DCSIMG

Brian Ferguson: Lack of combined effort at Fringe

2014 could well be a vintage Fringe year. Picture: Ian Rutherford

2014 could well be a vintage Fringe year. Picture: Ian Rutherford

  • by BRIAN FERGUSON
 

An ALMOST impossible task which just got more difficult: that is the best description I can give to describe trying to keep tabs on the Edinburgh Festival Fringe this year, as, several weeks ahead of the official programme launch, there has been such a haphazard release of information on shows.

I’m sure very few of the thousands of annual Fringe ticket-buyers are aware more than 2,400 are already on sale. Some tickets have been on sale since January, but around 1,800 of them were added to the Fringe website on Tuesday. If you can face trawling through the listings on the Fringe website, it’s all there for you. Take your pick and beat the rush for tickets, but only if you have time and patience on your side. Not every venue is selling tickets yet, but a lot are. And the five biggest promoters have put their entire programmes on sale.

My early impressions are that this could well be a vintage Fringe year. This is without seeing the largely under-wraps line-ups at Summerhall and the Traverse. There are some fascinating and timely theatre productions, big-name comedians, actors returning in impressive numbers and at least a dozen shows inspired by the independence debate, while a major new arena will be created in the heart of St Andrew Square.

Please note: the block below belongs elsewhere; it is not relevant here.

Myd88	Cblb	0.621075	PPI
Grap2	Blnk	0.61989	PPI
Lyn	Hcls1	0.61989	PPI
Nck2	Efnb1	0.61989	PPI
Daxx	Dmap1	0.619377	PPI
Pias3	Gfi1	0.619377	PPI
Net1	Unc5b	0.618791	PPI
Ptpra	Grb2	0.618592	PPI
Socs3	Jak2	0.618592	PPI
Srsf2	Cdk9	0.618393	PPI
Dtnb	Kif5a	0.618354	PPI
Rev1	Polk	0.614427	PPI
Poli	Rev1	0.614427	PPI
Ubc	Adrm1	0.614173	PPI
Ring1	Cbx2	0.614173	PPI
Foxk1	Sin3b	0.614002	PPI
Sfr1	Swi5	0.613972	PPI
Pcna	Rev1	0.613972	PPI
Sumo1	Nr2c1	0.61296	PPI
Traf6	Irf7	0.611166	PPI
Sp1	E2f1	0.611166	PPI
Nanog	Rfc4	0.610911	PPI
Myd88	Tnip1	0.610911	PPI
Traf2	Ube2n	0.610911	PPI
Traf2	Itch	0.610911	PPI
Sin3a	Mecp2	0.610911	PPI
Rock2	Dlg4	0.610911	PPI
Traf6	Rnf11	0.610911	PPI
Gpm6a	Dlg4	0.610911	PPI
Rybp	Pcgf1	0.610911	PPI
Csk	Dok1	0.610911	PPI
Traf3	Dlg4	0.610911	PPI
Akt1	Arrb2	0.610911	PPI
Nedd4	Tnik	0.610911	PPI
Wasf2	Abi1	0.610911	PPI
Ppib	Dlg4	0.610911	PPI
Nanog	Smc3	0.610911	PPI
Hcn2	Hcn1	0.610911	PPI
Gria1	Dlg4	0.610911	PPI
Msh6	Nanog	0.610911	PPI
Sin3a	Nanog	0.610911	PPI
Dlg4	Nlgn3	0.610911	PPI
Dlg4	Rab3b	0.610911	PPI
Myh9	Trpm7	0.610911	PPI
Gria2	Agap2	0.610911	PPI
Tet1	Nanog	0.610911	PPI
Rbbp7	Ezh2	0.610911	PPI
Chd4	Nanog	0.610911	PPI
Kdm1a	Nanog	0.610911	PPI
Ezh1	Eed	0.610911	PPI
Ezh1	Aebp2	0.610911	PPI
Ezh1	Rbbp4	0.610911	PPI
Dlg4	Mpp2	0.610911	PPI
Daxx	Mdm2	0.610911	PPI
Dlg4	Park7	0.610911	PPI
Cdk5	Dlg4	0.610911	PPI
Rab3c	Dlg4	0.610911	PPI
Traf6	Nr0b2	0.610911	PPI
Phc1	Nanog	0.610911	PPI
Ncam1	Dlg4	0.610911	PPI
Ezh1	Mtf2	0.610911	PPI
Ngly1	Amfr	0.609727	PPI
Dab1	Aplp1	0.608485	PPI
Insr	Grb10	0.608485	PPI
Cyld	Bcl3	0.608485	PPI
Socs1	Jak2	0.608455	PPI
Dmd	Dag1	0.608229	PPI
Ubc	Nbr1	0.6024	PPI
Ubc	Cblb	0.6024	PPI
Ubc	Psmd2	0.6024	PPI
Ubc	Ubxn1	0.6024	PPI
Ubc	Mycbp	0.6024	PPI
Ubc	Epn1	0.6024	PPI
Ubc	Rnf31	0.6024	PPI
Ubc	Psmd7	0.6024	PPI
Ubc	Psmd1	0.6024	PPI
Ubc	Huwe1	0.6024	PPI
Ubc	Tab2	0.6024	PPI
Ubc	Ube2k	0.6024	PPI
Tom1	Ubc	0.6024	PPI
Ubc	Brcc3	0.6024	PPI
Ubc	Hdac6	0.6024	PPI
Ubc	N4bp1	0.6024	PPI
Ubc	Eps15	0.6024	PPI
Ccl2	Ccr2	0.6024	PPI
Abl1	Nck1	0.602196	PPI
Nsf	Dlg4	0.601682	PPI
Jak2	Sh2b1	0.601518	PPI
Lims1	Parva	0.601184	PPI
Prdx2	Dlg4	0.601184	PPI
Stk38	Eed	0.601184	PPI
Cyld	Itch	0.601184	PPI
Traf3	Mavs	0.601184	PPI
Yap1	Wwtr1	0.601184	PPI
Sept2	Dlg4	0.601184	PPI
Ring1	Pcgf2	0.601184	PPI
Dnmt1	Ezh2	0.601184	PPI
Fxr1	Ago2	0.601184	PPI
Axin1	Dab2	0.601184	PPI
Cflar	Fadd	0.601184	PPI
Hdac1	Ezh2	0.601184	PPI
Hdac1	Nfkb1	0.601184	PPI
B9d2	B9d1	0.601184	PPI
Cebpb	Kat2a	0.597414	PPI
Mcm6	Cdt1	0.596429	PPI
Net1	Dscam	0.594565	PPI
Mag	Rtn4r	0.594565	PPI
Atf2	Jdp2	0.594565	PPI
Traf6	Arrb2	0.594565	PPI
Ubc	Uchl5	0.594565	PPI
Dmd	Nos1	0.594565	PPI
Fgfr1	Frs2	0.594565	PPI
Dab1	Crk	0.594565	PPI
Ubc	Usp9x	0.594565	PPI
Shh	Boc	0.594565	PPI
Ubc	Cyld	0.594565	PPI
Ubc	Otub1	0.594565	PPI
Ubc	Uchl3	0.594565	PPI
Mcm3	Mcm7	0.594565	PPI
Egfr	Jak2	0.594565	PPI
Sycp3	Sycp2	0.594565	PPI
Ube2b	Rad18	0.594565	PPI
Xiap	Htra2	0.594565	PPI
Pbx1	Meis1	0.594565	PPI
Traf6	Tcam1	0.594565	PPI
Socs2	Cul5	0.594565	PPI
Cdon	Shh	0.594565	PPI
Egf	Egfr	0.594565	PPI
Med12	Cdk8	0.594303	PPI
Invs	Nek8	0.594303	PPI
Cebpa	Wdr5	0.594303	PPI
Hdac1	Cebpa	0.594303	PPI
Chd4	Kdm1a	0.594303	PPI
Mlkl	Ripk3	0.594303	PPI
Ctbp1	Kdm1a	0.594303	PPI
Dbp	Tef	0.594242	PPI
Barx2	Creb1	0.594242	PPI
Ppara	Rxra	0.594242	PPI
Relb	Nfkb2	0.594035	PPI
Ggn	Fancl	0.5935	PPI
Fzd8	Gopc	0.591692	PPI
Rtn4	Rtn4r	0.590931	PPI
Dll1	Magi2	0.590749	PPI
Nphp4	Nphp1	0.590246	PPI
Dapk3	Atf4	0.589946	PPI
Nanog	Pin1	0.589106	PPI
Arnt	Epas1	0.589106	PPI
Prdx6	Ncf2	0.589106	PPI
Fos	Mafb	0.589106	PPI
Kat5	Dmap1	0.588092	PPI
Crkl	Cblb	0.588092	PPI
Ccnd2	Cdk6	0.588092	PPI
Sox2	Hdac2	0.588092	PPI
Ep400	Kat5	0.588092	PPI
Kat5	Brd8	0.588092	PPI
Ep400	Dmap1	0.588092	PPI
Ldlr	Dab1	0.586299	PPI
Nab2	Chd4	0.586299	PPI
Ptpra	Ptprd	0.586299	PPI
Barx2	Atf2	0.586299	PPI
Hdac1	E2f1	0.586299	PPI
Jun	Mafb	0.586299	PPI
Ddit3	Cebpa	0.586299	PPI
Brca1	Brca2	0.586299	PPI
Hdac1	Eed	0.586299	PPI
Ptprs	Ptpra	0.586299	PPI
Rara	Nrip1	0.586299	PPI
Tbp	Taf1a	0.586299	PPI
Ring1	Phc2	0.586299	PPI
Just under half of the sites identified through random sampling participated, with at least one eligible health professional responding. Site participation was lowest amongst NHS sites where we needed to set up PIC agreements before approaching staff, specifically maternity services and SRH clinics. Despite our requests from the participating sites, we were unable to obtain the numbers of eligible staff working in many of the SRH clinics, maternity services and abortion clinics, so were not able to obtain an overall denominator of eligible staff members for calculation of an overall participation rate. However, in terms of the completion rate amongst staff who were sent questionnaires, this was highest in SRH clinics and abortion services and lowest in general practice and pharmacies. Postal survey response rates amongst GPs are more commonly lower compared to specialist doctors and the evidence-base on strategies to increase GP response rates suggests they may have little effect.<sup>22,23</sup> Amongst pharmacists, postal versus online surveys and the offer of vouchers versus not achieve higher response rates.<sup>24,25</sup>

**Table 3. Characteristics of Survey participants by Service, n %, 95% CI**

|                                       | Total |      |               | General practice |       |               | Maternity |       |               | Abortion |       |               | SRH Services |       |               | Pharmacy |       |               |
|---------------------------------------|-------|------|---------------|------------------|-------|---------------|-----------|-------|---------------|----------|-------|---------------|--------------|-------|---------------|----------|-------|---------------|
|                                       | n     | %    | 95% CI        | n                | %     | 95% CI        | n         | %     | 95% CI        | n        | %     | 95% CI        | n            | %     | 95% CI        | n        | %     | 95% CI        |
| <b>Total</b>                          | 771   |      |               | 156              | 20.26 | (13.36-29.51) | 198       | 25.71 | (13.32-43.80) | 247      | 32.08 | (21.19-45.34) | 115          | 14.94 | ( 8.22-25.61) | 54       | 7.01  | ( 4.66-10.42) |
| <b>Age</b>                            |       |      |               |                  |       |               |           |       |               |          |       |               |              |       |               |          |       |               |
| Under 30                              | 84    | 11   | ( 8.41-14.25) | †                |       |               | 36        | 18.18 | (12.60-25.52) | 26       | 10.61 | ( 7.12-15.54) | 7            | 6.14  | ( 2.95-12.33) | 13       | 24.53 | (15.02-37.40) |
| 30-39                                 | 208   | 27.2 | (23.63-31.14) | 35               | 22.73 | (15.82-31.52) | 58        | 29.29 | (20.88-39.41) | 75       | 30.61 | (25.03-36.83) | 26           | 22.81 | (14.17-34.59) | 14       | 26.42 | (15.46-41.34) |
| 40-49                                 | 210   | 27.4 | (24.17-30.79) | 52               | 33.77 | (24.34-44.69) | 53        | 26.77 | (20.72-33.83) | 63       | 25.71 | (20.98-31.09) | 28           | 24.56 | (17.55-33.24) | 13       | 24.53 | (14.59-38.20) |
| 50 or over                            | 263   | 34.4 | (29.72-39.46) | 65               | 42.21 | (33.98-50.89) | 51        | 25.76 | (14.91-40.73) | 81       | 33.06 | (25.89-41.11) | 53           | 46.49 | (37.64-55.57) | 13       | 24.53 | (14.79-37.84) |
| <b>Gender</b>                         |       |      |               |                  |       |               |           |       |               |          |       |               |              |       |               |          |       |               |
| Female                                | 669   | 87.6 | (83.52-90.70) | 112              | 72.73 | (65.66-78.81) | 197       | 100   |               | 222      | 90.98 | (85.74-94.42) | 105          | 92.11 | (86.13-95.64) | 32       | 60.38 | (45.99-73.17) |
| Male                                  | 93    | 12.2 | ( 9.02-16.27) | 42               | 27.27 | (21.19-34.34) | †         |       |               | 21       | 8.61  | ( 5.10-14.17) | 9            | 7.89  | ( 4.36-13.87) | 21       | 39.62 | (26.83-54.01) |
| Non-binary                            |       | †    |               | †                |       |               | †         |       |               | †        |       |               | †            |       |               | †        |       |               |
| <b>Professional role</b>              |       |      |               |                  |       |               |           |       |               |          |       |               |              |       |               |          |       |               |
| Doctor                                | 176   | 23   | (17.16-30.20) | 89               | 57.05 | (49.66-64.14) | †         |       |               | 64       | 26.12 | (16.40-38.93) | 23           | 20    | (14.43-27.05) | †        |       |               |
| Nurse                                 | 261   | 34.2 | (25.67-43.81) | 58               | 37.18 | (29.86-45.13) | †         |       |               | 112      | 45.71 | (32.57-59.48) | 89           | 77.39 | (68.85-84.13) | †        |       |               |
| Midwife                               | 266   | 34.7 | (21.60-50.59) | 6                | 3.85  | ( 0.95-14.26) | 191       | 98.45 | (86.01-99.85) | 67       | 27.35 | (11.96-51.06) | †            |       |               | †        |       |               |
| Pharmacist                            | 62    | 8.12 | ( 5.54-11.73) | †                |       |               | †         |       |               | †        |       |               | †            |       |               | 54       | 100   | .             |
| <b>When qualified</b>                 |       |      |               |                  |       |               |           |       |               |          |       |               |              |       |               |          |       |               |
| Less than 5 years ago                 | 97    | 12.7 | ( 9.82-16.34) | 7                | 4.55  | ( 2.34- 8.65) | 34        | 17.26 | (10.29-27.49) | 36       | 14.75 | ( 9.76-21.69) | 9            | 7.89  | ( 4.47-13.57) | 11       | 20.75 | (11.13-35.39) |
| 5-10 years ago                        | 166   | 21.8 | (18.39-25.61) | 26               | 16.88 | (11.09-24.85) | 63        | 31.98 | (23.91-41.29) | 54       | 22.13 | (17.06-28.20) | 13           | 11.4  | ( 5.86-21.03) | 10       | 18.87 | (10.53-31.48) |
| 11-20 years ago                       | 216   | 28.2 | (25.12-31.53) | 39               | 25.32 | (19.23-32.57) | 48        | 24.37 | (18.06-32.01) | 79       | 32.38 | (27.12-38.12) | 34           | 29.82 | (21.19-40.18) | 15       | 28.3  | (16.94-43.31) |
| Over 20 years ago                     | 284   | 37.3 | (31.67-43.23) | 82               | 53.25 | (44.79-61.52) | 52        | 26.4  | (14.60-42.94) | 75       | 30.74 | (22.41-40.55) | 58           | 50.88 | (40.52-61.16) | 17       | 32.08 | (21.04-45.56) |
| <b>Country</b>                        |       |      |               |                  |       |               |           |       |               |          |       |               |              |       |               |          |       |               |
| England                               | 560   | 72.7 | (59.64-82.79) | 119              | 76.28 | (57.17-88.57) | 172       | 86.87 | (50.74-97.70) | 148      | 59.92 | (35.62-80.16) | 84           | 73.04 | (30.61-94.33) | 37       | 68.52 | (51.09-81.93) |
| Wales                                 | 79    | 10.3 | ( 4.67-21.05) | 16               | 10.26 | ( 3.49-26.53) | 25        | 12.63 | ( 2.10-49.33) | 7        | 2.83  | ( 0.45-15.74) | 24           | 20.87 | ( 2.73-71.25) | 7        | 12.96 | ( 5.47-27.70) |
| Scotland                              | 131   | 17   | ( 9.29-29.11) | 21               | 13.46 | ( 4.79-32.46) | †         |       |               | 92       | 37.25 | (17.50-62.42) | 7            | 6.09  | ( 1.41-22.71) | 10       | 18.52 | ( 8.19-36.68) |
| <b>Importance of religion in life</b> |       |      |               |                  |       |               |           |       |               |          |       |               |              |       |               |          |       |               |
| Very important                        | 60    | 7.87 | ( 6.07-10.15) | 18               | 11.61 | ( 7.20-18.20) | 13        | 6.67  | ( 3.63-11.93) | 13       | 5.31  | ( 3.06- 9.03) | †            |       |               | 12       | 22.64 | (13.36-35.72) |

But there has been little publicity generated on the back of the Fringe so far – a strange state of affairs for what is still the world’s biggest arts festival. Many shows have gone on sale without the kind of fanfare that would have accompanied them in the past. With the majority of the Fringe programme now in the public domain, it will be a challenge for the festival to generate excitement at its official launch.

Part of this is down to the approach of the so-called “Big Four” venues this year and last. Traditional forms of media are now largely bypassed in favour of social media channels. After all the criticism of their ill-fated “Edinburgh Comedy Festival” brand, finally ditched this year, the new ploy was to hold a launch event in London, rather than Edinburgh. The only piece of coverage I’ve seen generated on the back of it, on a leading comedy website, berated the promoters for a “frankly embarrassing” programme cover attempting to pass it off as the official Edinburgh Festival Fringe brochure.

Even the Big Four’s arch-rival, Tommy Sheppard, a canny publicist, delayed having an official launch or making a proper announcement, despite a clutch of new shows going on sale last week.

No doubt there will be the usual invasion of publicists and PR gurus in August, but much of their activity will be targeted at people already in the city. Where is the collective effort to promote the Fringe months beforehand, when people around Britain, and further afield, are deciding which summer festival to attend? Do I detect an air of complacency hanging over Scotland’s biggest and most economically important festival?

 

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